You Say ‘Tomato’…
You probably already know that fresh, home-grown tomatoes are good for you, but I didn’t know how very good! The latest news is that a research team from the University of Eastern Finland, reports that eating tomatoes is associated with a 50% lower risk of stroke, due in large part to high concentrations of the potent antioxidant, lycopene.
Lycopene is a well studied compound that gives tomatoes and other fruits and vegetables their deep red color.
Science Daily says: “The researchers found that tomatoes are the top source of dietary lycopene; a powerful antioxidant that, unlike nutrients in most fresh fruits and vegetables, has even greater bioavailability after cooking and processing.”
Tomatoes also contain other protective mechanisms to lower the risk of:
- cardiovascular disease
- ultraviolet light-induced skin damage
- cognitive dysfunction such as in dementia and Alzheimer’s
- deep vein thrombosis
By growing several of your own tomato plants (in containers, a raised bed, or in the ground), you can save money on your grocery bill and have all the tomatoes you will want for the summer. If you add a few more plants, you will likely have enough to put up pasta and sauce with as well as put some in the freezer for winter soups.
There is an old practice that some feel makes tomatoes perform even better.
Companion planting is part folklore and part science. Grouping companionable plants together in the garden is supposed to enhance their flavor, their growth, and give added protection to plants from pests and diseases as they give off the natural chemical compounds they contain.
This is a neat little chart I found at Small Farm Permaculture and Sustainable Living, and it is explained further here. Plants that share the same circle get along well together, either as mutually beneficial companions, or neutral neighbors. Those that do not share the same circle should not be grown together, they say.
Borage~ Borage improves the productivity and taste of tomatoes, plus its flowers attract parasitic wasps while some say it repels the tomato hornworm. I have planted borage every year at the base of our tomatoes, and it certainly hasn’t hurt them. We have had high yields all but one year during that time.
Grow borage for the leaves and flowers that have a fresh, cucumber-like flavor. Add the young leaves and blooms to salads, soups, and summer drinks. Borage self-seeds. I just turn the little starts I don’t want under as a green manure and allow the rest to continue growing.
Basil~ Tomatoes and basil are famous together, too. “Maters make the basil go wild and basil adds a certain quality to ‘maters.” Old-timers swear to it, and I believe it.
Some things are just meant to go together. And did you know that lycopene needs to be combined with fat to be absorbed well through the intestinal wall? Here is where you think good unsaturated fats: olive oil, avocados, nuts, and fish. I do love fresh garden tomatoes drenched in olive oil with a pinch of sea salt. Hmm… Mozzarella and fresh basil only intensify the taste-bud delight.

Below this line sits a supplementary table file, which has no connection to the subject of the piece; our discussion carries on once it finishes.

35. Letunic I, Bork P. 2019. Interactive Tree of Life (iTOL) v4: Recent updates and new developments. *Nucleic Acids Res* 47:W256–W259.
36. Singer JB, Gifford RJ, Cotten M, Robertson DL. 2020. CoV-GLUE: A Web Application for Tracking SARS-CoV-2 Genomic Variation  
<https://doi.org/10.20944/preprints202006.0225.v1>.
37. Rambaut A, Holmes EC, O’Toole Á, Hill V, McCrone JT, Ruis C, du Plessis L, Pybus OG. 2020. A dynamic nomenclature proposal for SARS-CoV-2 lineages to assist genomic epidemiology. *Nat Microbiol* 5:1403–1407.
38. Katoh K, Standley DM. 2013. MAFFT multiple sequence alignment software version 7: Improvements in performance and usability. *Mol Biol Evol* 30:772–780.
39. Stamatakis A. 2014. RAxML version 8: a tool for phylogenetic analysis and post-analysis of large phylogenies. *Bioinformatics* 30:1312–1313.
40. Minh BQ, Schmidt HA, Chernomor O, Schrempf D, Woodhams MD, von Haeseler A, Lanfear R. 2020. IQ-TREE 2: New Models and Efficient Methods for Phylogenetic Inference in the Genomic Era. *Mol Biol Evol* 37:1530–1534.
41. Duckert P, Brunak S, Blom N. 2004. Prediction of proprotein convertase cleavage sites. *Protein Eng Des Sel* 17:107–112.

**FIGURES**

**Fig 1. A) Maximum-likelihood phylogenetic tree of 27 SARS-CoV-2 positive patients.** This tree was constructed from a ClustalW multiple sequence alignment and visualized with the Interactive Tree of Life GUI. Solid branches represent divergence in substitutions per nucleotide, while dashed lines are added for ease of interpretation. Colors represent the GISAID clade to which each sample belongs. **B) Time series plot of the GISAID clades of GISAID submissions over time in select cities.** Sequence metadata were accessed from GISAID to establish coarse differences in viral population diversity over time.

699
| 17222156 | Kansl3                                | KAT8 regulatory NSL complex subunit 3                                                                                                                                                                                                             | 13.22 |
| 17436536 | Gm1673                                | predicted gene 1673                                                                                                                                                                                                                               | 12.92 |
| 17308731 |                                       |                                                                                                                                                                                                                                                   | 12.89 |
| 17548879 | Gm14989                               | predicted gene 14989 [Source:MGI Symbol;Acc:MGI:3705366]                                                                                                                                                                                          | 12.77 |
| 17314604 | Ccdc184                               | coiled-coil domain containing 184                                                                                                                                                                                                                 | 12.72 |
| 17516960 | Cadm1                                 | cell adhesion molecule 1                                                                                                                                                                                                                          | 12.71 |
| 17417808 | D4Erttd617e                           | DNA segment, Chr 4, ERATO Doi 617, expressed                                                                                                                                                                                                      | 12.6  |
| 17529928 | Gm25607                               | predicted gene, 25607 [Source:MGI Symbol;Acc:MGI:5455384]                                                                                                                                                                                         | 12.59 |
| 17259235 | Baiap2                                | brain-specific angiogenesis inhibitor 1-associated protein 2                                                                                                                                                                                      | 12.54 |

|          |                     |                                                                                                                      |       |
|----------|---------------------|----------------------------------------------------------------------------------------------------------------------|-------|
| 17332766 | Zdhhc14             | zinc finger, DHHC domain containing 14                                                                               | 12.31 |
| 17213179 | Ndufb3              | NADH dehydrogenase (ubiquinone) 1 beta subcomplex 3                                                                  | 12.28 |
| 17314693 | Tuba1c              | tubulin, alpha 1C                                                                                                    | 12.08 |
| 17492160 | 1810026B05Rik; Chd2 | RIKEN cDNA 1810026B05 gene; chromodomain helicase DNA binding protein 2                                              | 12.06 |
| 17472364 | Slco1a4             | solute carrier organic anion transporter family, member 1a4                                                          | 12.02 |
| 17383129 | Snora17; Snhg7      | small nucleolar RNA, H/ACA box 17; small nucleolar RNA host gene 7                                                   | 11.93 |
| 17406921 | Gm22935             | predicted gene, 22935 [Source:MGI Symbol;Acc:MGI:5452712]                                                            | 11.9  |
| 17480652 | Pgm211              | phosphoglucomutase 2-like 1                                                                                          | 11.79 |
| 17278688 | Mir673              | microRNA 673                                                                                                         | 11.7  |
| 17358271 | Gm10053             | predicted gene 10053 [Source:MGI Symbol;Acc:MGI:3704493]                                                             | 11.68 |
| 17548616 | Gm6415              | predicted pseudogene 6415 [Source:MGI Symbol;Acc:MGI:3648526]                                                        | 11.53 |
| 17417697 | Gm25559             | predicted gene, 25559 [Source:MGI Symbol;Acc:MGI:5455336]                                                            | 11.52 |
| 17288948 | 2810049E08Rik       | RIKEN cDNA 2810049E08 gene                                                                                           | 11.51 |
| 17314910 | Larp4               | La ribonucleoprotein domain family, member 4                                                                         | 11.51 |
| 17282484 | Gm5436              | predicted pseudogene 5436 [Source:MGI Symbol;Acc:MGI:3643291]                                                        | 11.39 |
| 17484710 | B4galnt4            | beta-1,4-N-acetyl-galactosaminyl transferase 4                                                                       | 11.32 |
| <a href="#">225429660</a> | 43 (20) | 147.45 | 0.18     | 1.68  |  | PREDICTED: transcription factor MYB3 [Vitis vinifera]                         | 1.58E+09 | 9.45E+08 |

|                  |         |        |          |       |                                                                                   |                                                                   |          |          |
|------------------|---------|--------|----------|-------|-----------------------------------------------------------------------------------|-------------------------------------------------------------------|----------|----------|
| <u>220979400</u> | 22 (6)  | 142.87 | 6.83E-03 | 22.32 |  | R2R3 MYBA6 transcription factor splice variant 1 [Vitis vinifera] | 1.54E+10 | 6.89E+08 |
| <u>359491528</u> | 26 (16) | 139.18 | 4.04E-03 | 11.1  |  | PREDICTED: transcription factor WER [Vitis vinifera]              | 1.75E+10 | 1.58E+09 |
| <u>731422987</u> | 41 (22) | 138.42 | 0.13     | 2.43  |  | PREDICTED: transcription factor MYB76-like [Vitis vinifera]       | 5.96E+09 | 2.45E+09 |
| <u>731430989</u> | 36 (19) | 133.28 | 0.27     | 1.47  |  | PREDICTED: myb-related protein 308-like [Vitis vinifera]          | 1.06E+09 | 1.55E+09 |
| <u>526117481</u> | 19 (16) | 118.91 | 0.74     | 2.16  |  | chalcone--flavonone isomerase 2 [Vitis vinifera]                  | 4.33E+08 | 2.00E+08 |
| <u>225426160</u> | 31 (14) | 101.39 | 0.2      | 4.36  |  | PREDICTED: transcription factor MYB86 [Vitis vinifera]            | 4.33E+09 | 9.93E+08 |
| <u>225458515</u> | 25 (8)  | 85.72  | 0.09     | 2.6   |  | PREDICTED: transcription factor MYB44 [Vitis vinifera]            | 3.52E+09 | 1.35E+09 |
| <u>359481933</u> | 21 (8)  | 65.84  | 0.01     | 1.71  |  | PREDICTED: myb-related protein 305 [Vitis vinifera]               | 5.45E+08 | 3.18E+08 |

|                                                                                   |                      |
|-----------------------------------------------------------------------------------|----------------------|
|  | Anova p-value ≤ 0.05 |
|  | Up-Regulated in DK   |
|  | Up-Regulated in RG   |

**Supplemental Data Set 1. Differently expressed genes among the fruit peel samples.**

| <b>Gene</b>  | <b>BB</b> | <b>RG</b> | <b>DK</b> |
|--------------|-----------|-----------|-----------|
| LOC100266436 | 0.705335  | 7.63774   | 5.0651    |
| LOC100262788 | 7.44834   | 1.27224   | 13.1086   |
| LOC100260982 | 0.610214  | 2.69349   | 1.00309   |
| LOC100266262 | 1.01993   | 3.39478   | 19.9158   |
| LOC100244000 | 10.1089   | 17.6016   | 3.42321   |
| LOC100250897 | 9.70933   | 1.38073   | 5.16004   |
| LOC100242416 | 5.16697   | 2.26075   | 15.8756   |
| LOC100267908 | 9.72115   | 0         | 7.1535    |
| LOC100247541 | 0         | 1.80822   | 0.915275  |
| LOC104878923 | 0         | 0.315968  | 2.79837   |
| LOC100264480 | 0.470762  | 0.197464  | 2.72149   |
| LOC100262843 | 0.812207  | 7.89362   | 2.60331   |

Lettuce, spinach~Growing leaf lettuce (and other leafy greens) in the same raised bed as my tomatoes acts as a living mulch which helps keep the soil cooler, and reduces the chances of spreading diseases from water and soil splashing on the leaves. Lettuce thrives in the partial shade of the tall tomato plants. The lettuce stays cooler and sweeter longer, so both derive a benefit.
Nasturtiums~ First, they are elegant and delicious in a salad, and second, they are gloriously old-fashioned in the kitchen garden. If they help the tomatoes, so much the better!
I am fascinated by Louise Riotte’s book Tomatoes Love Carrots. It really is an essential book if you are going to delve into the world of companion planting. Not only does it go through every vegetable and herb’s best and worst companions, but it also adds in tons of folklore, natural insect repellent and herbal health tips, just all sorts of great wisdom. I’ve done a post on it here.
It has also been said to never plant tomatoes close to potatoes. I’m not going to try it to find out if that is true 😉
Here is a good tutorial on selecting and growing tomatoes from This Old House.
Please don’t use chemicals on tomatoes. They do just as well without, so why waste the money, time, or sacrifice your health. Don’t ever water from the top. Here is my post on growing tomatoes.
You may want to mark your tomatoes to remember which variety is which. Rocks markers work, kids love to make them, and they look cool!
Here are two of my favorite, easy ways to treat my family’s palate with fresh tomatoes in the summer:
The ‘cheese-toastie’ hot from the oven using your favorite melting cheese, fresh tomato slices, cracked pepper, and sea salt~
Tomato and avocado salad seasoned perfectly with fresh lemon, olive oil, fresh cracked black pepper, and sea salt~
Other posts on tomatoes:
~Tomatoes – Heirlooms vs. Hybrids
~Tomatoes With Funny Names~Oxheart to Malakatovoya Shkatulka
~What To Plant With Tomatoes ~ Companion Planting
~Cool Rock Markers and Heirloom Tomatoes
~Harvest Early Tomatoes Using Teepees
Thanks for reading!